8 May, 2021

Lesson for September 30, 2018 | Sanctification: Christ Empowers Me (Ephesians 4:1-16)

by | 24 September, 2018 | 0 comments

Dr. Mark Scott wrote this treatment of the International Sunday School Lesson. Scott teaches preaching and New Testament at Ozark Christian College, Joplin, Missouri. This lesson treatment is published in issue no. 10 (weeks 37–40; September 16—October 7, 2018) of The Lookout magazine, and is also available online at www.lookoutmag.com.


The Bible lessons now follow a scope and sequence prepared by Christian Standard Media. For more information, click here.


Lesson Aim: Sanctified and empowered to serve and build up the body of Christ; serve in love.


By Mark Scott 

According to Dr. James McHenry (Maryland delegate to the Constitutional Convention of 1787), a lady asked Benjamin Franklin as he left Independence Hall on the last day of the Convention, “Well Doctor, what have we got—a Republic or a Monarchy?” Franklin replied, “A Republic, if you can keep it.”

Following two lessons on sin and two lessons on salvation this month, we might say, “What have we got—a grace system or a works system of salvation?” The apostle Paul’s answer might be, “A grace system, if you can keep it.”

Dallas Willard reminds us that, “Grace is not against striving; it is against earning.” Once we are justified and redeemed, we live out sanctification (holy living). We are able to do this because Christ empowers us through the Holy Spirit.

We could ask, as a focus question from this text, “How do sanctified and empowered people live anyway?” How do they live a life worthy of their calling?

They Exemplify Right Attitudes Ephesians 4:1-3

Achieving Christian unity takes more than right attitudes, but it still takes right attitudes. It is interesting that previous to the theology of verses 4-6 Paul wrote a very practical section in verses 1-3. One way to walk worthily in the Lord is to display right attitudes.

Paul, the prisoner for the Lord (both physically and spiritually), mentioned five such attitudes. There is a call to humility (lowliness of mind) and a call to gentleness (see Galatians 5:23). There is a call to patience (longsuffering) and a call to bear with (put up with) one another in love. Finally there is a call to maintain (strive; give all diligence) the unity of the Spirit through the bond of peace. These right attitudes give evidence of a sanctified life.

They Believe Right Things Ephesians 4:4-6

Undergirding the right attitudes are proper doctrinal platforms. Paul mentioned seven things empowered people believe. Perhaps the list is not arranged in any order of importance, but we do notice the multiple uses of one and the involvement of every person of the trinity, with the Spirit mentioned first.

Besides the foundation of the trinity for the one body (the sanctified and empowered community), there is one hope (a future totally controlled by God), one faith (a response to God’s love found uniquely in Christ), and one baptism (an immersion into the body of Christ). Sanctified people believe in these things. In fact, they would take a bullet for these things.

They Use Their Gifts to Equip the Saints Ephesians 4:7-13

Seth Wilson used to say, “The goals of God are personal.” By this he did not mean the goals of God were private. There is a strong communal side to our faith. But in the midst of the unity of verses 4-6, there is great diversity in verses 7-13. Grace not only saves us but also strengthens and equips us. Therefore one nuance of grace is its use with spiritual gifts.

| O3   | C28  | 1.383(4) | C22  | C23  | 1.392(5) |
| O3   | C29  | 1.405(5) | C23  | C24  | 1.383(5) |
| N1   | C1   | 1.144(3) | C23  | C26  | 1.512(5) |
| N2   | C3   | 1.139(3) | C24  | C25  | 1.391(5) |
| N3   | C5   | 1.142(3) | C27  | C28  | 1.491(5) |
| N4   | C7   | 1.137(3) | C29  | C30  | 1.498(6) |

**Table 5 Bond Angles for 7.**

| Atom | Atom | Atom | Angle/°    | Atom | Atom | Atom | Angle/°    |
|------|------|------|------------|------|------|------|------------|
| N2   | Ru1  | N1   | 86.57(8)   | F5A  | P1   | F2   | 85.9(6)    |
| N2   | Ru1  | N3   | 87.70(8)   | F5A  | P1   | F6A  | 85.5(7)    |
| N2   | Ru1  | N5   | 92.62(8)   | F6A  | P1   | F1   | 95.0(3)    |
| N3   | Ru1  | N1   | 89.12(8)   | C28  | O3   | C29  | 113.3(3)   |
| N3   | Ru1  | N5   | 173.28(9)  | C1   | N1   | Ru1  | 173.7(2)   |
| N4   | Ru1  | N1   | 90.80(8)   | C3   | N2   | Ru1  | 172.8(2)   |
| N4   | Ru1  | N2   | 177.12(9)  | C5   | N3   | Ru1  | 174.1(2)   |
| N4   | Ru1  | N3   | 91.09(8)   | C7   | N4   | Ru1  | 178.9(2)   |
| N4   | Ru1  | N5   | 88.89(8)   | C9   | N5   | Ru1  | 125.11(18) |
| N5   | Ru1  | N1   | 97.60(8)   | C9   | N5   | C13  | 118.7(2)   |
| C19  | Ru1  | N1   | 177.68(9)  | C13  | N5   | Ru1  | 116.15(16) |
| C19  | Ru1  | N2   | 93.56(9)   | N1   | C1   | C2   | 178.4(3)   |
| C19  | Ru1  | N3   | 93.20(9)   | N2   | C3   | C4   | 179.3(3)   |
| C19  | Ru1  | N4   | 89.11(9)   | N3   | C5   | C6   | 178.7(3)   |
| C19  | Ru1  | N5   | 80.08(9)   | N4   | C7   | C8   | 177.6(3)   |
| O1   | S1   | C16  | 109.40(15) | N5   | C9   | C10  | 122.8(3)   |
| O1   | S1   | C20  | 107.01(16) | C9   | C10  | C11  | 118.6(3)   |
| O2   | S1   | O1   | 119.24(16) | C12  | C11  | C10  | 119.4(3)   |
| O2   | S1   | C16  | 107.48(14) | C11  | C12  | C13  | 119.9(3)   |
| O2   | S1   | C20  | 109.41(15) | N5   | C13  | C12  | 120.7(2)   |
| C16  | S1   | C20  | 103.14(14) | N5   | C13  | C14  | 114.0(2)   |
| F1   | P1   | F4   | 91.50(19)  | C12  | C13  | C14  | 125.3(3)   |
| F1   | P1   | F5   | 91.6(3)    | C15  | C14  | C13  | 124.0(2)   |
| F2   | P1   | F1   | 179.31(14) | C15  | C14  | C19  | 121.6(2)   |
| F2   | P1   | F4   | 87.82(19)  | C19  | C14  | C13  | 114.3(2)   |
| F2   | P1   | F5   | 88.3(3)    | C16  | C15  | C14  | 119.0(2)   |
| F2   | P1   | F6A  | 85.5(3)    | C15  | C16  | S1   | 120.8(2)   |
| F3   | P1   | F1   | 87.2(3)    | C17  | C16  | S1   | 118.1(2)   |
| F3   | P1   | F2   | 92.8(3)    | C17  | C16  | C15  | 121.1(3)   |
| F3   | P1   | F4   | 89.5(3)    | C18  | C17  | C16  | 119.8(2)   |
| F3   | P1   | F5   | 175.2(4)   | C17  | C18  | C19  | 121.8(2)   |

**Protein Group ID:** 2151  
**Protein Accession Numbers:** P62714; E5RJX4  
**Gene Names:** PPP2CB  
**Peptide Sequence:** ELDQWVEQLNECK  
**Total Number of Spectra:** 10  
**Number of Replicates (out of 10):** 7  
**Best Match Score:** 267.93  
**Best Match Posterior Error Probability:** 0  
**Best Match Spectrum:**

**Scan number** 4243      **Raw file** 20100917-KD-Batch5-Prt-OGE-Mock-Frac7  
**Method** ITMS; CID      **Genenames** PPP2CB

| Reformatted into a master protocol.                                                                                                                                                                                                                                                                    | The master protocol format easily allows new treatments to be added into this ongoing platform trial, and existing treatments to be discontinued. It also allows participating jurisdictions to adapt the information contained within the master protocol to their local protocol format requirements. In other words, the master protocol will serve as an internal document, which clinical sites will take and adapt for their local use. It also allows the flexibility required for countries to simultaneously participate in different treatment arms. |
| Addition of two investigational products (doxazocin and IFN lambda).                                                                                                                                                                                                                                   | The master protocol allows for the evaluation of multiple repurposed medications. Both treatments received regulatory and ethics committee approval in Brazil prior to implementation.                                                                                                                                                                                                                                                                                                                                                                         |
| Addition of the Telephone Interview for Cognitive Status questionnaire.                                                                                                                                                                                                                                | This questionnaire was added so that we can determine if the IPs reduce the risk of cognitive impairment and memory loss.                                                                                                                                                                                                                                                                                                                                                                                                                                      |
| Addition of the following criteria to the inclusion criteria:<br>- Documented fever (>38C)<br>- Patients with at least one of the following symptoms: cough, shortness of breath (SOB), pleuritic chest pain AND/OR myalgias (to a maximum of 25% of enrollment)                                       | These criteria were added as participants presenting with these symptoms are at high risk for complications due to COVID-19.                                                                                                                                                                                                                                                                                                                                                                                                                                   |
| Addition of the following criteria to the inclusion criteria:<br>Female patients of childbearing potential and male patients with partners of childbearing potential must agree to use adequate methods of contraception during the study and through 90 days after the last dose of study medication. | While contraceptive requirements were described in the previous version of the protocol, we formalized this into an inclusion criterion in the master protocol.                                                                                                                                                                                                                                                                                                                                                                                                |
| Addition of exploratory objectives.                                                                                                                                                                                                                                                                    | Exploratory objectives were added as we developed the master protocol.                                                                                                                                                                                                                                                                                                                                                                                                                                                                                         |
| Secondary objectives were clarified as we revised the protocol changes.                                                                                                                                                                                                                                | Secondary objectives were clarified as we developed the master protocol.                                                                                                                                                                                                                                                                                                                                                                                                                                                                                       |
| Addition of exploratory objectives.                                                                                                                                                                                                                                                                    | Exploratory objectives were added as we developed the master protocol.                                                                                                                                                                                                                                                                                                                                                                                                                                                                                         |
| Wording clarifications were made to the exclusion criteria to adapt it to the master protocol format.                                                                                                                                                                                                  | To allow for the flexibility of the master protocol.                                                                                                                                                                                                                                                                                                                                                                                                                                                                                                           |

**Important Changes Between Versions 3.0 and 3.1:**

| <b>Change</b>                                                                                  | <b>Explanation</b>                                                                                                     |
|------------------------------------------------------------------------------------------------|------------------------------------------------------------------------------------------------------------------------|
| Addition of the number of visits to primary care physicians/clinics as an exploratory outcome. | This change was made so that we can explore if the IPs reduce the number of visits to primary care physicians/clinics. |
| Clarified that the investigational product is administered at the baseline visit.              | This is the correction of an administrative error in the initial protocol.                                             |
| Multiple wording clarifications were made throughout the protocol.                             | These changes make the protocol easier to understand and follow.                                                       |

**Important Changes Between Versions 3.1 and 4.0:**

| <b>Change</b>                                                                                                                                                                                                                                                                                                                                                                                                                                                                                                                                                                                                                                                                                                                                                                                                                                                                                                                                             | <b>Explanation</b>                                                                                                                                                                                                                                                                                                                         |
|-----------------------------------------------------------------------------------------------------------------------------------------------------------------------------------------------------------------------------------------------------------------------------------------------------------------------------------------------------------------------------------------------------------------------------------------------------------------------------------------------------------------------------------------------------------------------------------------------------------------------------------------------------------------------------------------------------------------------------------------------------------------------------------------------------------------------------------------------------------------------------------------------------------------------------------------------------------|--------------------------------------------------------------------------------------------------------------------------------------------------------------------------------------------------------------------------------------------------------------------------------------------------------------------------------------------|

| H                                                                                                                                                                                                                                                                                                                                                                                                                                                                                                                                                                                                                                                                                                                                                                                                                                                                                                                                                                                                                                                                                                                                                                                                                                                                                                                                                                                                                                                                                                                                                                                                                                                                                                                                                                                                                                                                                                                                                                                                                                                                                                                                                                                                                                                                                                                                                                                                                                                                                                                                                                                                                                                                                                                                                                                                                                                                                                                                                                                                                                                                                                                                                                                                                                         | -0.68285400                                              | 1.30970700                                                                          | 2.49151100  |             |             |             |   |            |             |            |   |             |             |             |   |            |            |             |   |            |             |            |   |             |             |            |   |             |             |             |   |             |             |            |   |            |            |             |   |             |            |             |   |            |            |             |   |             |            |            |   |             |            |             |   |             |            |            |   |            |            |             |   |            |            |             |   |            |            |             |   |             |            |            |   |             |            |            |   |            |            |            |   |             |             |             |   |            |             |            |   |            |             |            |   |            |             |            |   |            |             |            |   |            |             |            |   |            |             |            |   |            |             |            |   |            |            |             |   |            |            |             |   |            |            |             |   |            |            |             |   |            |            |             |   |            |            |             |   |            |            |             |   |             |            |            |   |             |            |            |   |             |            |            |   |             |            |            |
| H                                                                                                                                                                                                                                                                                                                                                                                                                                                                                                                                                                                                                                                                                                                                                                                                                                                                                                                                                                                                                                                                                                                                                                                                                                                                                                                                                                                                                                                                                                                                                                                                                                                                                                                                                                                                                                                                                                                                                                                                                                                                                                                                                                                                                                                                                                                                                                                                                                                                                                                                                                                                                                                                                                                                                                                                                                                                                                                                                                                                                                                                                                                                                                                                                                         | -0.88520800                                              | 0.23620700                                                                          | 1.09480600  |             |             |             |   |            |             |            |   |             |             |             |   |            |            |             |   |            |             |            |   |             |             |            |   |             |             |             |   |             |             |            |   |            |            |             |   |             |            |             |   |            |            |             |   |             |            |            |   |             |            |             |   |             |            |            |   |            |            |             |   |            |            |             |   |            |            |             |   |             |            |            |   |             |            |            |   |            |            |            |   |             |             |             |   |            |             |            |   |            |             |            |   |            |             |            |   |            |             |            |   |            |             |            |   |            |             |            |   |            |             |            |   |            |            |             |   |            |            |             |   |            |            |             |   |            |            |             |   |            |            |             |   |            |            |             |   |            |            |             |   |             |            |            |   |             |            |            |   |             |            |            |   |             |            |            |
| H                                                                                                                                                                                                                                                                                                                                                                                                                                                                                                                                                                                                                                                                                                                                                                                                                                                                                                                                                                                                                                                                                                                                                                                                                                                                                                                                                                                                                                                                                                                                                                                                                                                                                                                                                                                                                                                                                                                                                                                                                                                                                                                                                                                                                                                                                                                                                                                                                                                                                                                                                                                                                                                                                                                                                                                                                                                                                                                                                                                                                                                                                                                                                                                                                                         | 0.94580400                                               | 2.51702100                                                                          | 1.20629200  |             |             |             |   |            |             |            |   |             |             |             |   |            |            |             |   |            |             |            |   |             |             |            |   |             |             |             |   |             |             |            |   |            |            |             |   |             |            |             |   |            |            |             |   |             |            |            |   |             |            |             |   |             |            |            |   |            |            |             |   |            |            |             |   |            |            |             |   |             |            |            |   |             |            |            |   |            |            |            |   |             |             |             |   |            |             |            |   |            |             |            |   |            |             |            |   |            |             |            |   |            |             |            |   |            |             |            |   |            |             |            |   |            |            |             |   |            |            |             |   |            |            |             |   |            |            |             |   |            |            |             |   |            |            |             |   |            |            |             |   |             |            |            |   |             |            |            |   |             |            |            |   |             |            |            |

Paul affirmed four things about the gifts of the empowered community.

First, these gifts are given as Christ apportioned them (literally “according to the measure of Christ’s gift). He decides. No one wrestles God to the mat to selfishly take the gifts desired.

Second, these gifts are secured by Christ himself. Some believers are sheepish about having spiritual gifts. But they are as sure as the incarnation and the ascension. If God can come to earth and win the victory over Satan, then he can certainly give gifts to people (a very interesting use of Psalm 68:18).

Third, the gifts in this passage are actually people. God gave people (particularly leaders) to the church. Apostles and prophets might be foundational positions (Ephesians 2:20), while evangelists and pastor-teachers are ongoing gifts.

Finally, these gifts are intended to make the church look like Jesus. His first-century body was God incarnate. When leaders equip (set right) the 21st-century body of Christ, then the church is built up attaining to the whole measure of the fullness of Christ.

They Grow to Maturity Ephesians 4:14-16

It is hard not to love a baby—beauty surrounded by innocence. But if the baby is 12, still in a high chair, and unable to feed himself, something is wrong. God likes things to grow (nations, families, churches, and even gardens). Spiritual infants are susceptible to doctrinal error. Rather, God wants believers to “truth in love” (truth here is actually a participle, a part of which would be speaking).

The church will grow to look like Christ as each member of the church does his or her work. Then the church will be saved, sanctified, happy, and on its way to Heaven.


Lesson study ©2018, Christian Standard Media. Print and digital subscribers are permitted to make one print copy per week of lesson material for personal use. Lesson based on the scope and sequence, ©2018 by Christian Standard Media. Scripture quotations are from the New International Version, ©2011, unless otherwise indicated.

<a href="https://christianstandard.com/author/markscott/" target="_self">Mark Scott</a>

Mark Scott

Dr. Mark Scott wrote this treatment of the International Sunday School Lesson. Scott teaches preaching and New Testament at Ozark Christian College, Joplin, Missouri. He also serves as minister with Park Plaza Christian Church in Joplin.


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